Joe Bonamassa Shares 5 Tips for Guitarists to Control Their Ego and Sound Cool in a Session
If you aren't in the know about Joe Bonamassa, the eloquent blues guitar player, then you should know his chops are up to snuff and, most importantly, he's a player true to the art of playing. That is: Bonamassa knows a thing or two about playing the guitar and has a few sound tips for up-and-comers.
Sometimes the kind of advice a novice can receive from a player they look up to is unparalleled. And, being a touring and performing guitarist myself, there are certain tips you learn from years of playing out on the road that are central to forming your style.
But, before the stage there is only an instrument, and understanding five basic things about it will make it not only easier to play in the long run but will give you an easier time finding the one intangible quality all artists must possess: a voice.
And just a disclaimer, "a voice" isn't with your vocal cords but, instead, it's what you can say without your breath. As a writer must pen their voice so a musician must play theirs.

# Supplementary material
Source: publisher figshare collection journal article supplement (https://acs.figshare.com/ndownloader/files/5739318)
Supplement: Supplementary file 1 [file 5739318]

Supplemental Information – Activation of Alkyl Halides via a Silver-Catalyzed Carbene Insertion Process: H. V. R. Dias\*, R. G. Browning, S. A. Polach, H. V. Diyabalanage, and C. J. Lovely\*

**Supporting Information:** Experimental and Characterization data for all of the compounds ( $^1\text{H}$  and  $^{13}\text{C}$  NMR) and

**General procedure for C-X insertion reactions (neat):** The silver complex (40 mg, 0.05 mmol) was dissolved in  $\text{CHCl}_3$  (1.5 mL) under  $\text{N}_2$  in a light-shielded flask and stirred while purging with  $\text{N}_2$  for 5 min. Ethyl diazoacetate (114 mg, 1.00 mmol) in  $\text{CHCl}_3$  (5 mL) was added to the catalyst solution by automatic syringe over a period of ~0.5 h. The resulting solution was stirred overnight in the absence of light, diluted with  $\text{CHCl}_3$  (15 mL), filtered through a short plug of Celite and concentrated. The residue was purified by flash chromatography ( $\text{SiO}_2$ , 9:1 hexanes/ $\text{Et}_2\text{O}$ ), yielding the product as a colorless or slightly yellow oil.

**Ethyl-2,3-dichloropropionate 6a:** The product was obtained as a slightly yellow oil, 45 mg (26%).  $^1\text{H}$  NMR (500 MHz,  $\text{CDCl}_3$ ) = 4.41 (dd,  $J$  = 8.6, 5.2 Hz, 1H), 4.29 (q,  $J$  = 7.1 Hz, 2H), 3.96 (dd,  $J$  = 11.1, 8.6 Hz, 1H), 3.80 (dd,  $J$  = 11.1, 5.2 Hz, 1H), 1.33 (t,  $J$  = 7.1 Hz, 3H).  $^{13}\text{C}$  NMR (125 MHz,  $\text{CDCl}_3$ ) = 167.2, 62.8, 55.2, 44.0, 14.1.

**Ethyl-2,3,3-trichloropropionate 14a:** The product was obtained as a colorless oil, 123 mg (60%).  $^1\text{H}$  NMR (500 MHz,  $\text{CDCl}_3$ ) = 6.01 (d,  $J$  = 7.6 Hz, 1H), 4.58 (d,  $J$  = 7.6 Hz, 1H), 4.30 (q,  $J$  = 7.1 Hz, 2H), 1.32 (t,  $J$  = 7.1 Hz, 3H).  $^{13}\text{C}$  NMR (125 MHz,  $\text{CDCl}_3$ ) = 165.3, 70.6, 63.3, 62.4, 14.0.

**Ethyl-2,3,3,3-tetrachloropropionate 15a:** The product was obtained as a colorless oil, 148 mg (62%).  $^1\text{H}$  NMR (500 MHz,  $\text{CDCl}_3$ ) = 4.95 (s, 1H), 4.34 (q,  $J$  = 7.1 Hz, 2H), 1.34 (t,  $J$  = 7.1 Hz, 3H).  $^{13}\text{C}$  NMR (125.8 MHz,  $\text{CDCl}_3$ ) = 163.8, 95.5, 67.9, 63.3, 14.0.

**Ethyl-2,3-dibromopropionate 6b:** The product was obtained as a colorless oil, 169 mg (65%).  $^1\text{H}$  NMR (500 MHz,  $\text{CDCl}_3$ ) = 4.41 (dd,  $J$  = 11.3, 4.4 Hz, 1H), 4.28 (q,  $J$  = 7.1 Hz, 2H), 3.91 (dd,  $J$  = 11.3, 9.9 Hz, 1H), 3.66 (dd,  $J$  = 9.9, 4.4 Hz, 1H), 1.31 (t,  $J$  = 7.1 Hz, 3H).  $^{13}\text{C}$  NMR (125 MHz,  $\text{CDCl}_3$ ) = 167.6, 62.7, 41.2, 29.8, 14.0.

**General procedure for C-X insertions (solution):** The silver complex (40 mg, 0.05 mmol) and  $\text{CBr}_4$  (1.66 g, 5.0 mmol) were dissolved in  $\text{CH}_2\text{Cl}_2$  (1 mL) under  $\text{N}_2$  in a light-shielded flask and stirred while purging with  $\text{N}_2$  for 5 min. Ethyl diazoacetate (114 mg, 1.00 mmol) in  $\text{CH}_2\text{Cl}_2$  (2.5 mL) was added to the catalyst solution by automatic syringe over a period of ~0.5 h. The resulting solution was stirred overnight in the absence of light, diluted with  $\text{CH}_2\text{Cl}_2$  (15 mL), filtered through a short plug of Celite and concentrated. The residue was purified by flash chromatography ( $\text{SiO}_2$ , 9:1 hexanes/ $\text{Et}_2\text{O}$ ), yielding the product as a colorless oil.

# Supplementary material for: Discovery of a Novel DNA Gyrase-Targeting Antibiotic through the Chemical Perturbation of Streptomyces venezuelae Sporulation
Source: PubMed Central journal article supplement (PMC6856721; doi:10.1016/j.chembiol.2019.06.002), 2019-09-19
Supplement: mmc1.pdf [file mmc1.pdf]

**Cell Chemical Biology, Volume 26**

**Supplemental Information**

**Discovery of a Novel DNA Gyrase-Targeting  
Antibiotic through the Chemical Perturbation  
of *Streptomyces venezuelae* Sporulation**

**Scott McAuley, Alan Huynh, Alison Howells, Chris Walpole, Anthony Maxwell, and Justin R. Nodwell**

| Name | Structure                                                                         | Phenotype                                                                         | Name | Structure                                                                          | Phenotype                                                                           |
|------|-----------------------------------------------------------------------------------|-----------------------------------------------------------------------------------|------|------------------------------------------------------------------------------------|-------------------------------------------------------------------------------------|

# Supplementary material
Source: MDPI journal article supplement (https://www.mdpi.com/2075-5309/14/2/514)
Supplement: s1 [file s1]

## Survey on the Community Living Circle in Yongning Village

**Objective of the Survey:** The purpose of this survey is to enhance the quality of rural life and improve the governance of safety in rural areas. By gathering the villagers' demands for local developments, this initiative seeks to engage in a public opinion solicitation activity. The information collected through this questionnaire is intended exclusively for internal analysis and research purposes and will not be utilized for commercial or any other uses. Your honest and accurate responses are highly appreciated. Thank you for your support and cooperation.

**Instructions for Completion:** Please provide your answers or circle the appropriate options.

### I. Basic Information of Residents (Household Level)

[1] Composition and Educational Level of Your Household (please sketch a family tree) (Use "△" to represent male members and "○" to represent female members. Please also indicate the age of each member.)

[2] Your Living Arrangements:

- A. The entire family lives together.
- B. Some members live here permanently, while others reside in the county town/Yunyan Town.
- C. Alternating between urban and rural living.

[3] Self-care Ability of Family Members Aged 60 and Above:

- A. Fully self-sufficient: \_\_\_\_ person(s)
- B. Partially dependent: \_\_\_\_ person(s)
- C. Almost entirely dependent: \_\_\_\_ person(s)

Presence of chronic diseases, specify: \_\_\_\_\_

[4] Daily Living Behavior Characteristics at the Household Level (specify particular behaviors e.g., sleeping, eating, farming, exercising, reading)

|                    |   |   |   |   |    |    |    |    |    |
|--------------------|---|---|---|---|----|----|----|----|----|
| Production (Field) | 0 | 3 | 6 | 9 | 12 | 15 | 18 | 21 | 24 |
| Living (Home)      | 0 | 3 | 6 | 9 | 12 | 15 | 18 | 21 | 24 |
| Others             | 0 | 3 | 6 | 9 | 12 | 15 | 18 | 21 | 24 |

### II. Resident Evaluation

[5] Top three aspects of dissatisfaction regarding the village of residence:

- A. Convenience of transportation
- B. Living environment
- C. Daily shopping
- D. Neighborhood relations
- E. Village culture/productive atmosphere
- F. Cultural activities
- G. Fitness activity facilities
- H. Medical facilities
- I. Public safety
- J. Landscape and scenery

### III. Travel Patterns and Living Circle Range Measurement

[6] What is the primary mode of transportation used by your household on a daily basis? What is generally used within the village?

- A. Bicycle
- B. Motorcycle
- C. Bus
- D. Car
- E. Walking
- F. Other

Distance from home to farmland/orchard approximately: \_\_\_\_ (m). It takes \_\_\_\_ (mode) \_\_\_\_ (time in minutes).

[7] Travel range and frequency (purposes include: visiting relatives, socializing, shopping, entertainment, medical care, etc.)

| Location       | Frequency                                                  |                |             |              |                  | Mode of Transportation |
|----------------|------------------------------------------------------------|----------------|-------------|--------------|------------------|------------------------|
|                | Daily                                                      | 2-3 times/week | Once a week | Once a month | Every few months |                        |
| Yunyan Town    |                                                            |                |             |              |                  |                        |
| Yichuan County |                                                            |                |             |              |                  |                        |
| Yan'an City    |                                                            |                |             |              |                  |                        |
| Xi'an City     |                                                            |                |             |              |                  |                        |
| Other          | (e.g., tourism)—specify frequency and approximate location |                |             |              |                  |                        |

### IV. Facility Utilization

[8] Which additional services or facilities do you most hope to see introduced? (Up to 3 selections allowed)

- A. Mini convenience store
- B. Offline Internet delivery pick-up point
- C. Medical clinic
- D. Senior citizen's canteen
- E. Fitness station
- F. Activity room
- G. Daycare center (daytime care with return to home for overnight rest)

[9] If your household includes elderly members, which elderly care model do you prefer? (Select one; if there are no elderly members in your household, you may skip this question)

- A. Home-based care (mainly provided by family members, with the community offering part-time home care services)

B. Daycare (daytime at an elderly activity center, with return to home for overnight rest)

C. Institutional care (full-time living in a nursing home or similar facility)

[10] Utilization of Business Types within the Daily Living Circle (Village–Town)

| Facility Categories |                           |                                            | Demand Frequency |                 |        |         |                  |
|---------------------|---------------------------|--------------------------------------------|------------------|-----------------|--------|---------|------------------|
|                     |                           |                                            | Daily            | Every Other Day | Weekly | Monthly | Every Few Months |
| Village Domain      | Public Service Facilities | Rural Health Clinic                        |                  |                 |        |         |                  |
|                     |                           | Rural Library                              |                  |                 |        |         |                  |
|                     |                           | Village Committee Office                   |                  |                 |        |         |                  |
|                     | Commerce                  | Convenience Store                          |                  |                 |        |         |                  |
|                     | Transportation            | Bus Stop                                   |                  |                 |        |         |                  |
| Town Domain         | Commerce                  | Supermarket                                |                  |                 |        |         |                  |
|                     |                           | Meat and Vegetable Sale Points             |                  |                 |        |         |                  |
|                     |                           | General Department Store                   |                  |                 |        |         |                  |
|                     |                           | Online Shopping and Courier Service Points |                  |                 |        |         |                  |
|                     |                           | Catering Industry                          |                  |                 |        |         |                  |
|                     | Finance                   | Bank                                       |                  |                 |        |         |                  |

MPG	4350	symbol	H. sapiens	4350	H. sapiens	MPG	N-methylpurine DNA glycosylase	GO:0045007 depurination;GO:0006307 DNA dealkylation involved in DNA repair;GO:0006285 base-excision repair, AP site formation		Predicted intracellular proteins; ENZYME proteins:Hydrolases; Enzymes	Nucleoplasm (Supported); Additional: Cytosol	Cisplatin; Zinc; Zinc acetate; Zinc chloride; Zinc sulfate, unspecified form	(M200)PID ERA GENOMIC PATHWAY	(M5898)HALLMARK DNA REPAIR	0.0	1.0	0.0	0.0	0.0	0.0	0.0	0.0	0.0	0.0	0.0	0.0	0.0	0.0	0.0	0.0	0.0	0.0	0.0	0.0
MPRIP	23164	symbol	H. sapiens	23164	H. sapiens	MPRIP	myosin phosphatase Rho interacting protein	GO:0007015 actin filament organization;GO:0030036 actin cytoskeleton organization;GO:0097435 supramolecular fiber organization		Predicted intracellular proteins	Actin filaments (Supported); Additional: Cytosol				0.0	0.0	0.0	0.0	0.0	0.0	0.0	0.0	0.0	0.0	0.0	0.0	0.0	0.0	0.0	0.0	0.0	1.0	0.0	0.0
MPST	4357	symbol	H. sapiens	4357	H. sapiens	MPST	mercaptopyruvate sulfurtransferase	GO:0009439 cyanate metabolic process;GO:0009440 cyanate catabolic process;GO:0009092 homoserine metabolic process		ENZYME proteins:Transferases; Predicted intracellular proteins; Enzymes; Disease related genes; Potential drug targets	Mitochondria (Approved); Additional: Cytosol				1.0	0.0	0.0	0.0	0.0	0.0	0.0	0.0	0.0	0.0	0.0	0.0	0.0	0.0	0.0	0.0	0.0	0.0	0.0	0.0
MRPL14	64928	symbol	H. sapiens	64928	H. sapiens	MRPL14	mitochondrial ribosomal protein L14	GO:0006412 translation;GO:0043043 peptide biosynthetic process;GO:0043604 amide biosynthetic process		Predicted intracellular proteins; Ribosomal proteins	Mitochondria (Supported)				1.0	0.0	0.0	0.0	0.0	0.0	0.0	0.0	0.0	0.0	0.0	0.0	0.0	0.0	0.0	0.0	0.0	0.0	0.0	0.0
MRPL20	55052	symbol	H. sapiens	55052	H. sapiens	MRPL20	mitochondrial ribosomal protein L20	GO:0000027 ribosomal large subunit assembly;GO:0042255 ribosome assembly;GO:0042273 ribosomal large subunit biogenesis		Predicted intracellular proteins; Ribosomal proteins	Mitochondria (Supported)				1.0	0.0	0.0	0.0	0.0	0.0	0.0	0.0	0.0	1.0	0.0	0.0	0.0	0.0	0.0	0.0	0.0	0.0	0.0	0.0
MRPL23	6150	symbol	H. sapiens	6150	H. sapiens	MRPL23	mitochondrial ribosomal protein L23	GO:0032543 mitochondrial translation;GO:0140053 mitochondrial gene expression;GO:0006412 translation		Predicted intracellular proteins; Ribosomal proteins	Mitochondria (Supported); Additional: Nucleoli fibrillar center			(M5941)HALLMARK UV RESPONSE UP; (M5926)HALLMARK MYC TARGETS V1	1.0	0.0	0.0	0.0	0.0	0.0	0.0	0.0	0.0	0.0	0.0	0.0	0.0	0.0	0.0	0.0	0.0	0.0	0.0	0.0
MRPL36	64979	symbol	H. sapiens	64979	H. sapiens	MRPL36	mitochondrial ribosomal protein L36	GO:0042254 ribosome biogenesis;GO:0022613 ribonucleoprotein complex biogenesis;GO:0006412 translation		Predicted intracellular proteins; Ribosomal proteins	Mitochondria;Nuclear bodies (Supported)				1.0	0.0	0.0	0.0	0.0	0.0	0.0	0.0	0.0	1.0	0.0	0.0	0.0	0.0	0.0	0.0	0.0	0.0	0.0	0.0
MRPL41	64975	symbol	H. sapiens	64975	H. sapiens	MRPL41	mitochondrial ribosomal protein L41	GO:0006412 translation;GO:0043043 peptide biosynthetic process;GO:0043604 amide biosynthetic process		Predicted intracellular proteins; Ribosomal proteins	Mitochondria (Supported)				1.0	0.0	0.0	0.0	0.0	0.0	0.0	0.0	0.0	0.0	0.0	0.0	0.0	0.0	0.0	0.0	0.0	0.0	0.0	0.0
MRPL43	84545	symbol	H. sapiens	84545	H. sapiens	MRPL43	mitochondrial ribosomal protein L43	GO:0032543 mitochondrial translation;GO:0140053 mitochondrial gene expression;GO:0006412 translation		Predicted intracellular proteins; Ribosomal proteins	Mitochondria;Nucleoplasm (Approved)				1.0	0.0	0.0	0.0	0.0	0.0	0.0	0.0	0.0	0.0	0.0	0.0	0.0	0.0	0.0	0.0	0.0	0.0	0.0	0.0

Via Music Radar, here are some of the tips offered to us by the great Bonamassa:
Learn to tune your guitar.
"I know this sounds kind of academic, but there's some tricks to tuning your guitar properly. When tune your guitar, play a bunch of chords you know to make sure they sound right. A lot of times the meter will say the guitar is in tune, but to my ear certain chords might sound a bit off."
Try plugging straight into the amp.
"I know we live in an era of soundscape-ists, people who, in lieu of listening to Jimmy Bryant or Ry Cooder, can run a Holy Grail reverb pedal better than the next guy. And it can be fun to go on the internet and read all the product reviews or going on YouTube and checking out the latest pedals and digital plugins. I get it. But every once in a while, try plugging straight into the amp to see what happens. It can be a really liberating experience."
Work on styles that you don't play for a living.
"If you play blues for a living, work on country. If you play jazz for a living, work on blues. If you play country for a living, work on blues and jazz. And so on — if you play heavy metal, work on jazz and country."
Turn down your gain.
"If you like the gain set at five, try it at four. I've discovered that people like to see you struggle a little bit. If you're too comfortable on stage, chances are you're not sweating enough for the music."
Bring gear that's appropriate for the session.
"If you're lucky enough to play guitar for a living and you're called to do a session that might not be your style of music, bring the gear that's appropriate for that session, not what's appropriate for your ego."© 2016 The Classical Art, All rights reserved. Do not reproduce without permission.